Of everything coming out of this year’s Iowa Family Leadership Summit, the fear factor is what stayed with me.
It was a constant, discomfiting undercurrent, like a loose nail poking up in your shoe. It was organization President Bob Vander Plaats declaring this a time of “spiritual warfare,” and speaker Joel Rosenberg announcing America is “on the road to collapse” and “implosion,” and former Arkansas Gov. Mike Huckabee, warning grimly, “We are living in some very dangerous times.”
The third year of the event sponsored by the self-described Christ-centered organization that seeks to influence policy and elections, brought big name politicians Bobby Jindal, Rick Santorum, Sen. Ted Cruz and Texas Gov. Rick Perry to Ames, Iowa, this past weekend. They were there to rally the Republican base in the lead-off caucus state. But the upbeat, love-God-and-country tone of previous events appeared at times to have been replaced by a somber, calamitous note of foreboding.
Projected onto a giant screen to punctuate Vander Plaats’ remarks was a video filled with haunting images of Osama bin Laden, Adam Lanza and the Boston marathon bombings. It depicted a rising national debt, marijuana, Boys Scouts, gay rainbow flag and a woman holding up a “Keep abortion legal” sign.
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Sponsors and speakers still exalted matrimony and procreation in heterosexual relationships, called for putting God back in the classroom and government, and called abortion murder. But this year’s message was: The nation is in moral decline. Ignore it at your own peril.
Rosenberg, an evangelical Christian born to a Jewish father, said the U.S. must not support a two-state solution in Israel because a sovereign Palestinian state “defies the biblical mandate.”
Is fear a new strategy for the Family Leader and its affiliated Family Research Council and Focus on the Family? Organizers said there were 1,200 attendees. But many seats were empty. Is it a concession they’re losing the battle over abortion and gay rights? Abortion has not been completely outlawed, even under a conservative U.S. Supreme Court majority.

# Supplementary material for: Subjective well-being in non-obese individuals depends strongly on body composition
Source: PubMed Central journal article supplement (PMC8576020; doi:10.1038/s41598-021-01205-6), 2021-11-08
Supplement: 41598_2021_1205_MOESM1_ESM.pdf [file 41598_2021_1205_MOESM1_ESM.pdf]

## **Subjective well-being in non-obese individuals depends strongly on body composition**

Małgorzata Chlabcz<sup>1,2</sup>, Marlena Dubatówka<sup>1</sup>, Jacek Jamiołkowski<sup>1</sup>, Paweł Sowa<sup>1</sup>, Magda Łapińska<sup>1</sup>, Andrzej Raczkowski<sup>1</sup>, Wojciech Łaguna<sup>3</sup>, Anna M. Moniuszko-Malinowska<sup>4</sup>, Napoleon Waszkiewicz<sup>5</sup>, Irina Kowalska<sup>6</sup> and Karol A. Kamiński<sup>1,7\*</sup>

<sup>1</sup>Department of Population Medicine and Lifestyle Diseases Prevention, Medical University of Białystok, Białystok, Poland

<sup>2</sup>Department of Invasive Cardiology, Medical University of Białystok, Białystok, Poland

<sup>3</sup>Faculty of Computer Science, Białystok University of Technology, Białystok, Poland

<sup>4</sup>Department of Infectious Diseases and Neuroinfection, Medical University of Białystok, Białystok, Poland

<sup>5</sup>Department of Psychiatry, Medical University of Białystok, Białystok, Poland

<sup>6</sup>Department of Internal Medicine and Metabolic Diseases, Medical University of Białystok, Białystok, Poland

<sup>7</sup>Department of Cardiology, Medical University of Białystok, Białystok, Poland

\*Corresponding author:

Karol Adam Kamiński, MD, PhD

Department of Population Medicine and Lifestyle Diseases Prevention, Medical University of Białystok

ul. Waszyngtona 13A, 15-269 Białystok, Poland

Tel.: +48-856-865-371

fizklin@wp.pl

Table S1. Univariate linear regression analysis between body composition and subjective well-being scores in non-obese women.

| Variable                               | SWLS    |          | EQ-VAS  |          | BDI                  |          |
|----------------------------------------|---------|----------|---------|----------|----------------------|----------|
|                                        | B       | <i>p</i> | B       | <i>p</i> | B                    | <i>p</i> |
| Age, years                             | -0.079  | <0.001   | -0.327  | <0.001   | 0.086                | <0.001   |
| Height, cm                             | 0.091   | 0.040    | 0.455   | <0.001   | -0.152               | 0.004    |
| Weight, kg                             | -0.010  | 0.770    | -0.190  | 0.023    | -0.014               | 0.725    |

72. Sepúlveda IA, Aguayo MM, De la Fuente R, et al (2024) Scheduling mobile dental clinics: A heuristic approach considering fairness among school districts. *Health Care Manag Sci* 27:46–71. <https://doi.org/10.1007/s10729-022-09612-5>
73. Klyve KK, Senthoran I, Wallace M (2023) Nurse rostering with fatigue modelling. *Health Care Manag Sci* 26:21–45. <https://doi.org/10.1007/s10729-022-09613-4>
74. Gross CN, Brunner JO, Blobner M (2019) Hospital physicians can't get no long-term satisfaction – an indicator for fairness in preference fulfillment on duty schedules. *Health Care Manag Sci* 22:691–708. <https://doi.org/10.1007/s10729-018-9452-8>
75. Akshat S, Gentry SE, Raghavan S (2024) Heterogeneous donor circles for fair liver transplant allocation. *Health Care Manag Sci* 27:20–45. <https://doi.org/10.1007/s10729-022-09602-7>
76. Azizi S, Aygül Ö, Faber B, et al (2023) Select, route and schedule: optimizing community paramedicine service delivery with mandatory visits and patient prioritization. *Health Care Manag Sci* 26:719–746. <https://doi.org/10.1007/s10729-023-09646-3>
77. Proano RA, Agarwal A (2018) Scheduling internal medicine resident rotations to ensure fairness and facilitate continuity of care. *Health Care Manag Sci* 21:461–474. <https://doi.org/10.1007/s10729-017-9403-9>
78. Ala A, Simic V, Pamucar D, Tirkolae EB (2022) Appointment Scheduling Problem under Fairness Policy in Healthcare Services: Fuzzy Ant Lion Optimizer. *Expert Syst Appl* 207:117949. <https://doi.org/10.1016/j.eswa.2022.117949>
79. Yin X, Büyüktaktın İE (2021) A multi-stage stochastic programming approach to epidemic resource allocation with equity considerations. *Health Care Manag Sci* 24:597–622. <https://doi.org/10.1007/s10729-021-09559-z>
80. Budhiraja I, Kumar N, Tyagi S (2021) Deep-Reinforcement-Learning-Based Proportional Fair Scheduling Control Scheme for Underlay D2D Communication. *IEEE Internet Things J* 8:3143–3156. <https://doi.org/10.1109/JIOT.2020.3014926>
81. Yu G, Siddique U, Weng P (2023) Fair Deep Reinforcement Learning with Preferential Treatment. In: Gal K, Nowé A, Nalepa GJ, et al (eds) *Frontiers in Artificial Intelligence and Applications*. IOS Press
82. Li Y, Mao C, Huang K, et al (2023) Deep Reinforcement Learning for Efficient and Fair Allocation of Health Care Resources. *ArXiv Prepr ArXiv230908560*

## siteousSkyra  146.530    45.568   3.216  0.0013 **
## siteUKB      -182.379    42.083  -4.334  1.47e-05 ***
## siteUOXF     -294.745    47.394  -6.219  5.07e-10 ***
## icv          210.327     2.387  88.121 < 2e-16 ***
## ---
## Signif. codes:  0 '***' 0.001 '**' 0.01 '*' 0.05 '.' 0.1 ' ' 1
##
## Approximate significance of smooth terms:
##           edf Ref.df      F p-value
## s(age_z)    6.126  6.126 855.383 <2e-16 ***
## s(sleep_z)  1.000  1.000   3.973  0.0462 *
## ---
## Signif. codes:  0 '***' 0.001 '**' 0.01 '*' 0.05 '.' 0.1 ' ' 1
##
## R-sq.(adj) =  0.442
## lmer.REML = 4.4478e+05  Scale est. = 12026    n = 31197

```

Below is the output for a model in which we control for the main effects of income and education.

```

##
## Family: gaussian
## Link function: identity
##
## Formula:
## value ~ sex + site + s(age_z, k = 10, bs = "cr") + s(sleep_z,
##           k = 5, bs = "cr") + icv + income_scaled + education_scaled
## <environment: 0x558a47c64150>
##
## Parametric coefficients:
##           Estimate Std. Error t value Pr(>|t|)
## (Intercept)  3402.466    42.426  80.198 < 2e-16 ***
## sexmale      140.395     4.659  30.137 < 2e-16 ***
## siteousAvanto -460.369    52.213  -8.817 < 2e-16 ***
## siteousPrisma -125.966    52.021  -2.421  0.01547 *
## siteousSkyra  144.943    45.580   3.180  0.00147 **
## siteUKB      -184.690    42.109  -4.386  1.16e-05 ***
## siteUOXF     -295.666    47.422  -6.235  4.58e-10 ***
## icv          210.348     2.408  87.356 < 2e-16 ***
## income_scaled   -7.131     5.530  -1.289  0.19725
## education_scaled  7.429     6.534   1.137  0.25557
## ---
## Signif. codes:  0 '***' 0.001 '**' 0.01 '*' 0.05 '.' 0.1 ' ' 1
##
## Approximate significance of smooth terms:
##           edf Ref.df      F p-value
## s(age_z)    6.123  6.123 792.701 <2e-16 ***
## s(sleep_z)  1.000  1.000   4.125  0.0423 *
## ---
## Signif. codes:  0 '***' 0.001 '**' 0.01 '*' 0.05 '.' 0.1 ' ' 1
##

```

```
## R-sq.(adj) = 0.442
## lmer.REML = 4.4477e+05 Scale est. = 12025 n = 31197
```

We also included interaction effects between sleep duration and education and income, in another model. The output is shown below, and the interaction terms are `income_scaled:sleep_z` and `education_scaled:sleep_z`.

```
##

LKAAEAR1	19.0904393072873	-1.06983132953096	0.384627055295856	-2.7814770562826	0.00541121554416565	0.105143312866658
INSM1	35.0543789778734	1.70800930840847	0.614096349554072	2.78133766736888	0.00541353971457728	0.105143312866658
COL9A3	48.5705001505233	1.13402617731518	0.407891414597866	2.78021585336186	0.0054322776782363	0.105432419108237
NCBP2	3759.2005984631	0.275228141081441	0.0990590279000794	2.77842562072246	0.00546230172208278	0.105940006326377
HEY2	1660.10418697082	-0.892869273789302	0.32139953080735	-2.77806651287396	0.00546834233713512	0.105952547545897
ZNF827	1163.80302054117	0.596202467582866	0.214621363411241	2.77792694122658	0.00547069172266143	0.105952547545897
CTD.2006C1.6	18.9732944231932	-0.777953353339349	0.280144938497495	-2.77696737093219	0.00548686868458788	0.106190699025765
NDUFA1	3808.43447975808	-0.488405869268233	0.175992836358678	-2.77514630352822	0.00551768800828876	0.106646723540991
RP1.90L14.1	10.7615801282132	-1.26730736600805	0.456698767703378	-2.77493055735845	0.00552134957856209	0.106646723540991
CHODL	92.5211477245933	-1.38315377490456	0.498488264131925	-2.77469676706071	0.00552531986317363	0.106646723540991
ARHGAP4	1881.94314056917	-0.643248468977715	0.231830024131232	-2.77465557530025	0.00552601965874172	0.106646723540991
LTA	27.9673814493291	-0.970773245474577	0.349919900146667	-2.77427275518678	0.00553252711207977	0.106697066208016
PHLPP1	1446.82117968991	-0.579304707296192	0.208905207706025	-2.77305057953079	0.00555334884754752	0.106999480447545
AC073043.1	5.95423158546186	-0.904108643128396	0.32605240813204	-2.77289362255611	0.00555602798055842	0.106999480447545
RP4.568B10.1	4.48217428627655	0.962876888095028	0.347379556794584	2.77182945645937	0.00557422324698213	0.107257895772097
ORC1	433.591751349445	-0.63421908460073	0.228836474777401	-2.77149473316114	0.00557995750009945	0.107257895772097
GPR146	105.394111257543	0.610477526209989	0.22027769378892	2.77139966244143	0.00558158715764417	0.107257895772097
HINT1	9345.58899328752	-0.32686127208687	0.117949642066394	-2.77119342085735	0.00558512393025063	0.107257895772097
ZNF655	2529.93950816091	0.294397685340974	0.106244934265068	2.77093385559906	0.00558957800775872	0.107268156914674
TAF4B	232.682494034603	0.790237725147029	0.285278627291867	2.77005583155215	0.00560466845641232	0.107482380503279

Having succeeded in getting three justices of the Iowa Supreme Court voted out over same-sex marriage, a few years ago, the Family Leader failed in a recent campaign against a fourth. Same-sex couples are celebrating wedding anniversaries.
What the planet might not ultimately survive — global warming — wasn’t on the agenda. In fact, if this were a true gathering of faith leaders, one might have expected some commitment to keeping the environment healthy and some compassion for the poor and immigrants. There were calls for abolishing the entire tax system that sustains the poor in times of need.
There were calls for boosting border patrols to turn back young asylum seekers. Iowa’s governor, Terry Branstad, boasted of having cut 1,400 state employees and cut property taxes, which fund education, more than ever in Iowa history. But if it were a political forum to vet candidates, a Jewish, Muslim, agnostic or atheist one wasn’t welcomed. In a video, Billy Graham’s daughter, Anne Graham Lotz, said, “The only place you get right with God is at the foot of the cross of Jesus Christ.”
In the parking lot, some protesters from Iowa Atheists and Freethinkers, which describes itself as a social and educational group, objected. “The summit is attempting to define legislation through Christian dogma,” said protester Jason Benell.
People will vote according to their priorities. But America is not a theocracy, so it’s alarming to see politicians, by attending and playing to the sponsors, play into the notion that worshiping Jesus should be a prerequisite for federal or state office.
Whatever our religious affiliation or lack of it, I’d guess most voters have better explanations for 9/11 or the Sandy Hook shootings than God’s revenge and would like practical, reason-based solutions from those seeking office.
Rekha Basu is a columnist for The Des Moines Register. Reach her at firstname.lastname@example.org.